June 10 / 14:00 CEST
Presentation by Dr Steve Jones

The slasher – also known as the ‘stalk and slash’ or ‘slice and dice’ movie – is a staple horror subgenre. The slasher film has developed through different phases since the late 1970s, including the period of supernatural slashers and sequels in the 1980s, and the Scream-inspired postmodern slasher era of the mid-1990s. This talk will focus on a more recent trend: the metamodern slasher phase, which began in the mid-00s. A comparison with the postmodern slasher will help to explain what distinguishes the metamodern slasher from its predecessors. The postmodern slasher tends to be cynical, flippant or even nihilistic in tone, playing games with the viewer. It also snarkily points out the subgenre’s “rules”, suggesting that conventions are permanent, and that originality is no longer possible. In contrast, the metamodern slasher attempts to innovate within the subgenre. Metamodern slasher films also use ironic humour to make sincere points about the subgenre. These filmmakers take the same approach used by meme creators who respond to political crises: employing ironic humour to make serious points about events that genuinely matter. This talk will examine films such as Triangle (2009), Axe Murdering with Hackley (2016), and Getting Schooled (2017) to demonstrate how the metamodern slasher film works, and why it is significant.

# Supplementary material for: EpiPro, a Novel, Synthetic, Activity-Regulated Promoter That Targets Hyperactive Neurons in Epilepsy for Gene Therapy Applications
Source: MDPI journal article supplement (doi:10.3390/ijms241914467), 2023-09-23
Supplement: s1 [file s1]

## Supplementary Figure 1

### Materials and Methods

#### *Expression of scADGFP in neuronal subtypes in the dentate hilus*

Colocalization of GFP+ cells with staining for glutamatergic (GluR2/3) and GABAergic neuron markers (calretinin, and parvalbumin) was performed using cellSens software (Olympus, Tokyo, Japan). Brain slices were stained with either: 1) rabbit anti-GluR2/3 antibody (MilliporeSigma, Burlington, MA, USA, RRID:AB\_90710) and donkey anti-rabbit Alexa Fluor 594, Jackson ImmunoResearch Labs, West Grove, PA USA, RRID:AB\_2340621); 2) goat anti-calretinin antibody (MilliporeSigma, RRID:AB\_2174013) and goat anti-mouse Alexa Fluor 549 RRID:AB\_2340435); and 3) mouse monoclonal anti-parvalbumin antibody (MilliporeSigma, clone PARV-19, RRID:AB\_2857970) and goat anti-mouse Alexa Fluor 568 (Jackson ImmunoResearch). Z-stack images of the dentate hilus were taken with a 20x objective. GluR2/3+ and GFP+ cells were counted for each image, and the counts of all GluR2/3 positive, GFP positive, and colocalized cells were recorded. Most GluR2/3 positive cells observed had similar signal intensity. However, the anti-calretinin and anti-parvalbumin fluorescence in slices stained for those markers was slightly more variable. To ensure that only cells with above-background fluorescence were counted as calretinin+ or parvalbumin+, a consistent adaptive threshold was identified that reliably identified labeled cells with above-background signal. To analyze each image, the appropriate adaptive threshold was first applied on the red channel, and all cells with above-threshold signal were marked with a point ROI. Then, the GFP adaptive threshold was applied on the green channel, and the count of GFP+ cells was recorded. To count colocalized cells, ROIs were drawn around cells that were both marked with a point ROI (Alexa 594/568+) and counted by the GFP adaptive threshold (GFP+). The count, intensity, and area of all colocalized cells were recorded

Dr Steve Jones is Head of Media in the Department of Social Sciences at Northumbria University, UK, and Adjunct Research Professor in Law and Legal Studies at Carleton University, Ottawa. His research principally focuses on sex, violence, ethics and selfhood within horror and pornography. He is the author of Torture Porn: Popular Horror After Saw (2013). His work has been published in Feminist Media StudiesSexuality & CultureSexualitiesPorn Studies and Film-Philosophy. He is also on the editorial board of Porn Studies. His published articles can be accessed for free at